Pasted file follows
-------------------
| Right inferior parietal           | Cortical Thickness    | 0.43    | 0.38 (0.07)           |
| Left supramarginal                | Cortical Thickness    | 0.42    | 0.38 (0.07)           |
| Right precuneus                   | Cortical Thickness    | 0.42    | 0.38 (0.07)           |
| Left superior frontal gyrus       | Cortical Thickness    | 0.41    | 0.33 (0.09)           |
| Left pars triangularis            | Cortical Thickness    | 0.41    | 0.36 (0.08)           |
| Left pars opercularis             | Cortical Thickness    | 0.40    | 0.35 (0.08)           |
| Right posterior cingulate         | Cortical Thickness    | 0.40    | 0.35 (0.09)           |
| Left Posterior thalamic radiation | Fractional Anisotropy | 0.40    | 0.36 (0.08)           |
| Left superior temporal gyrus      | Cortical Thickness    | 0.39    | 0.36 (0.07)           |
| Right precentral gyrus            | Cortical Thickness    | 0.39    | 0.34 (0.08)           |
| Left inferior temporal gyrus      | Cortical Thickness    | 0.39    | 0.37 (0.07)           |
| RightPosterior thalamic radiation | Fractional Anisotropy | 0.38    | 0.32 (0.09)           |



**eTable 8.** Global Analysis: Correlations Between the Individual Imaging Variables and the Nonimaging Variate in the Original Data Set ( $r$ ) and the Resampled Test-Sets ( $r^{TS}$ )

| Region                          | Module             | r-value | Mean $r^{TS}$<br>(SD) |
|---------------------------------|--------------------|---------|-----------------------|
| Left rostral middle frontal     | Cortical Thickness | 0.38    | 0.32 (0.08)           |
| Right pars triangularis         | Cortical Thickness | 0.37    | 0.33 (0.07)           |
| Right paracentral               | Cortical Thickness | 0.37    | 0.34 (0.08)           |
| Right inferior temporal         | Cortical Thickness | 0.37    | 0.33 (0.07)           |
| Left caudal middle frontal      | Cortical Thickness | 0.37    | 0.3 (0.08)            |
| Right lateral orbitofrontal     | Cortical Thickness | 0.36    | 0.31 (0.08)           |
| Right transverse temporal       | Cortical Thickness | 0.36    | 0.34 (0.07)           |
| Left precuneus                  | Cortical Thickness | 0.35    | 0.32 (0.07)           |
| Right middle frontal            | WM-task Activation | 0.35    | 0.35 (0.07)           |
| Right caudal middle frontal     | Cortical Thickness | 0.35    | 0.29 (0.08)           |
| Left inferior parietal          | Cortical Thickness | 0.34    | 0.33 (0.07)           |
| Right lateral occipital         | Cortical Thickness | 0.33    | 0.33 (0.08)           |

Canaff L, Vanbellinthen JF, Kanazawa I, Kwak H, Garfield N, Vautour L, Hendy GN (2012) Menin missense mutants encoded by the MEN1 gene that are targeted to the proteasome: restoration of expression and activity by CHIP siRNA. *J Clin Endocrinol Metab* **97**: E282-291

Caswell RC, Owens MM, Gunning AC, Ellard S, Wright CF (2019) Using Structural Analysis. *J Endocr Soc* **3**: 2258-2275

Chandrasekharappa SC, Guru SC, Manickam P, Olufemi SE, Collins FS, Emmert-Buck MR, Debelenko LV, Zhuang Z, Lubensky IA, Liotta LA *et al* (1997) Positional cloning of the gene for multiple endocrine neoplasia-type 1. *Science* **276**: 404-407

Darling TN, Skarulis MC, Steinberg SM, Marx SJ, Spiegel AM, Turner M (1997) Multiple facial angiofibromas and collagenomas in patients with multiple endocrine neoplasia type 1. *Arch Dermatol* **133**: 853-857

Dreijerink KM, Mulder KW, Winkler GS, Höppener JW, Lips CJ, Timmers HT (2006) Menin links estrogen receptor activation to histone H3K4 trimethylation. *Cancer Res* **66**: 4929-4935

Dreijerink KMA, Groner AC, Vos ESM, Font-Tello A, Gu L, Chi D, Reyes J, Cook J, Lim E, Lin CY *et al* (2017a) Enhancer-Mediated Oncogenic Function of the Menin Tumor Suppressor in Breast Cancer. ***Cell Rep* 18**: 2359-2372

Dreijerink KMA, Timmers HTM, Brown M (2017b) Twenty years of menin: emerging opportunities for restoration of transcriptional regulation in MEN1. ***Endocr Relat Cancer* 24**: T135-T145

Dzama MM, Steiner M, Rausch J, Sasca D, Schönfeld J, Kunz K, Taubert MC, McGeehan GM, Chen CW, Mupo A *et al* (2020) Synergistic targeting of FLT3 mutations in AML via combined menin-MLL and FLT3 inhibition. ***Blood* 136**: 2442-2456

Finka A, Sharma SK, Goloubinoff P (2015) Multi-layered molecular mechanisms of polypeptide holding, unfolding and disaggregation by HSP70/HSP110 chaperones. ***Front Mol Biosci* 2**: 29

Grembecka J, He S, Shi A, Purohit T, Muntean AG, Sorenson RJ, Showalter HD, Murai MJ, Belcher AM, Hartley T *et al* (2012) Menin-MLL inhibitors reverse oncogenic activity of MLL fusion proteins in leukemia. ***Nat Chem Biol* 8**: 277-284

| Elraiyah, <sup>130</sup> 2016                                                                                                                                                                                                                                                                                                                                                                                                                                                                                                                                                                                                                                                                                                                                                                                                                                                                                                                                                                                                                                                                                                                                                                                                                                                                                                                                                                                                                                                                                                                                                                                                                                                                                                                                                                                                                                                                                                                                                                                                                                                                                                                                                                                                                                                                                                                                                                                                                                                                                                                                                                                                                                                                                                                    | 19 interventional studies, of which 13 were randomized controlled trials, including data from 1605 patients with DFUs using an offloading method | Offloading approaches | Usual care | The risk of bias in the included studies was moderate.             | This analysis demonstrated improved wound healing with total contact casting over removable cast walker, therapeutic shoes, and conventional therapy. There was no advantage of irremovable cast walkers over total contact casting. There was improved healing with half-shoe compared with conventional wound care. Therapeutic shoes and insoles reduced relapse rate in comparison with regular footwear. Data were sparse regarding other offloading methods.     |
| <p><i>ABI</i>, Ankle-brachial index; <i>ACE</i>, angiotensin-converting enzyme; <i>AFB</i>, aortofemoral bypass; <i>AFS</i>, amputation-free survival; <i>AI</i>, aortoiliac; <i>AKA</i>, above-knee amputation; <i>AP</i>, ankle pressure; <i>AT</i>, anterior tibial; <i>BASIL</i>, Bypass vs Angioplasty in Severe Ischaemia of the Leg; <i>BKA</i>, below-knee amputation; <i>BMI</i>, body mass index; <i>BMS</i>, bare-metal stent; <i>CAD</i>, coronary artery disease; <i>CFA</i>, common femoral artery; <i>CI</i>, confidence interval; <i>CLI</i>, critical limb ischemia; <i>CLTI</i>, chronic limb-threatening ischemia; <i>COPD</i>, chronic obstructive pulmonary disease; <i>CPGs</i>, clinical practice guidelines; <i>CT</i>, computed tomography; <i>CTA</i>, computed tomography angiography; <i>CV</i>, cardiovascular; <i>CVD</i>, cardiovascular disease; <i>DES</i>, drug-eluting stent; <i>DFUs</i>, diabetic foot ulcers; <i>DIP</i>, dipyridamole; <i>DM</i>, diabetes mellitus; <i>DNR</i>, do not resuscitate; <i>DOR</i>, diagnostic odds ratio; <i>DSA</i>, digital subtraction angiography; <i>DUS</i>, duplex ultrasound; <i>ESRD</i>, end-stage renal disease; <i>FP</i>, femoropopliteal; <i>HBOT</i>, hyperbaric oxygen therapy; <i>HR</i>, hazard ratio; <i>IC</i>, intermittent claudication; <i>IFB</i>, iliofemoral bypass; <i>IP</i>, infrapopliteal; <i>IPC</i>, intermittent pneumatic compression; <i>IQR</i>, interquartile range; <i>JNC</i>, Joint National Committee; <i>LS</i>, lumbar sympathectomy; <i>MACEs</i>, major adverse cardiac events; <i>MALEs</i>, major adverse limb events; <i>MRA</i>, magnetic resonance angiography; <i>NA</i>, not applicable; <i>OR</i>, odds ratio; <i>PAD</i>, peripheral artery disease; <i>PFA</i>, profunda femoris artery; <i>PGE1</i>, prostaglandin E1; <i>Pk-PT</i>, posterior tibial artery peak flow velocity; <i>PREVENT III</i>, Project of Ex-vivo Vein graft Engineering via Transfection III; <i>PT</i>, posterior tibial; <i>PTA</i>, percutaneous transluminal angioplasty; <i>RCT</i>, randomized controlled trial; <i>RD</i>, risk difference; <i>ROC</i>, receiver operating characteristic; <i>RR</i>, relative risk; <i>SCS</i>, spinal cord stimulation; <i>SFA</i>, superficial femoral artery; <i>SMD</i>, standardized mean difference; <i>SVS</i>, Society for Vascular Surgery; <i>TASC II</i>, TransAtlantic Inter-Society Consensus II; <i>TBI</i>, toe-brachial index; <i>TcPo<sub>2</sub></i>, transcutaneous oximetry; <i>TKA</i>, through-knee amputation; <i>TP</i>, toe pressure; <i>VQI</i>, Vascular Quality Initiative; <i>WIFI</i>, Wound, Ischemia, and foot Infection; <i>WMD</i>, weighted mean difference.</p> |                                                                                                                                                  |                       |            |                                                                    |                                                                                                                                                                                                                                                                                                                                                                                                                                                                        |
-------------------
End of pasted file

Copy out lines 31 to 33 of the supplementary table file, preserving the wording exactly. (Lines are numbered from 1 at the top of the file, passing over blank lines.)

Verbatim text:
Darling TN, Skarulis MC, Steinberg SM, Marx SJ, Spiegel AM, Turner M (1997) Multiple facial angiofibromas and collagenomas in patients with multiple endocrine neoplasia type 1. *Arch Dermatol* **133**: 853-857

Dreijerink KM, Mulder KW, Winkler GS, Höppener JW, Lips CJ, Timmers HT (2006) Menin links estrogen receptor activation to histone H3K4 trimethylation. *Cancer Res* **66**: 4929-4935

Dreijerink KMA, Groner AC, Vos ESM, Font-Tello A, Gu L, Chi D, Reyes J, Cook J, Lim E, Lin CY *et al* (2017a) Enhancer-Mediated Oncogenic Function of the Menin Tumor Suppressor in Breast Cancer. ***Cell Rep* 18**: 2359-2372